I was born in Cambridge, but grew up in Liverpool, Washington DC and Istanbul/Ankara before returning to the UK to read for my BSc in Microbiology at the University of Leicester, where I was also awarded my PhD in Immunology in 1996 on the role of CD4 T cell recirculation and adhesion in chronic inflammatory disease. I continued along the theme of host adhesion molecule expression during inflammation in my first postdoctoral position at the Hammersmith Hospital Imperial College London before moving back to the University of Leicester to start working on host immune responses to pneumococcal colonisation and invasive disease. I was promoted to Lecturer in Respiratory Infection in 2005, then Reader in 2009. I finally returned to Liverpool as Professor of Bacterial Pathogenesis in 2011 at the Institute of Infection & Global Health.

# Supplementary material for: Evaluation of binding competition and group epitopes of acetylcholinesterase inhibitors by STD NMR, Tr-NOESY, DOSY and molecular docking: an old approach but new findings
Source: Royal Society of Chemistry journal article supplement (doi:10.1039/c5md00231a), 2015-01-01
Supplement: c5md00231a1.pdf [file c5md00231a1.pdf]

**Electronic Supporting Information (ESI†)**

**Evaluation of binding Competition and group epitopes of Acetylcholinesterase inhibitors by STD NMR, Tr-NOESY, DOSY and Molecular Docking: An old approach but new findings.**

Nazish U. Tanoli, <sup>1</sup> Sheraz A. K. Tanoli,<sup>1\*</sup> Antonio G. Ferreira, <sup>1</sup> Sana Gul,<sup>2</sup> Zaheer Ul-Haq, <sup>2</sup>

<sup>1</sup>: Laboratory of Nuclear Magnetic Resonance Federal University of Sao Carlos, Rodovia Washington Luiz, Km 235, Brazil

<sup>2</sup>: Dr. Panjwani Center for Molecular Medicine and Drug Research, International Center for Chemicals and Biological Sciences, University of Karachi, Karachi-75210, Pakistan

My primary area of expertise is pathogenesis of Streptococcus pneumoniae and the interplay between bacterial virulence and cellular innate and adaptive immunity. These research interests have more recently been expanded to include Streptococcus pyogenes, Pseudomonas aeruginosa and Staphylococcus aureus. In our group we have developed clinically relevant mouse models of respiratory and systemic infection to elucidate mechanistic understanding of the disease processes involved and the host immune responses to infection. As part of these efforts, we also have research projects on the development of novel anti-bacterial therapeutics and new generation vaccines through the Liverpool Centre for Global Vaccine Research. Our most recent publications in these areas have been in Nature Biotechnology, Nature Communications, American Journal of Respiratory and Critical Care Medicine, Journal of Allergy and Clinical Immunology and PLoS Pathogens amongst others. Our research is funded by MRC Programme and MRC DPFS grants, JPI-AMR funding, the Wellcome Trust and by Meningitis Now as well as by industrial partners including GSK and Roche.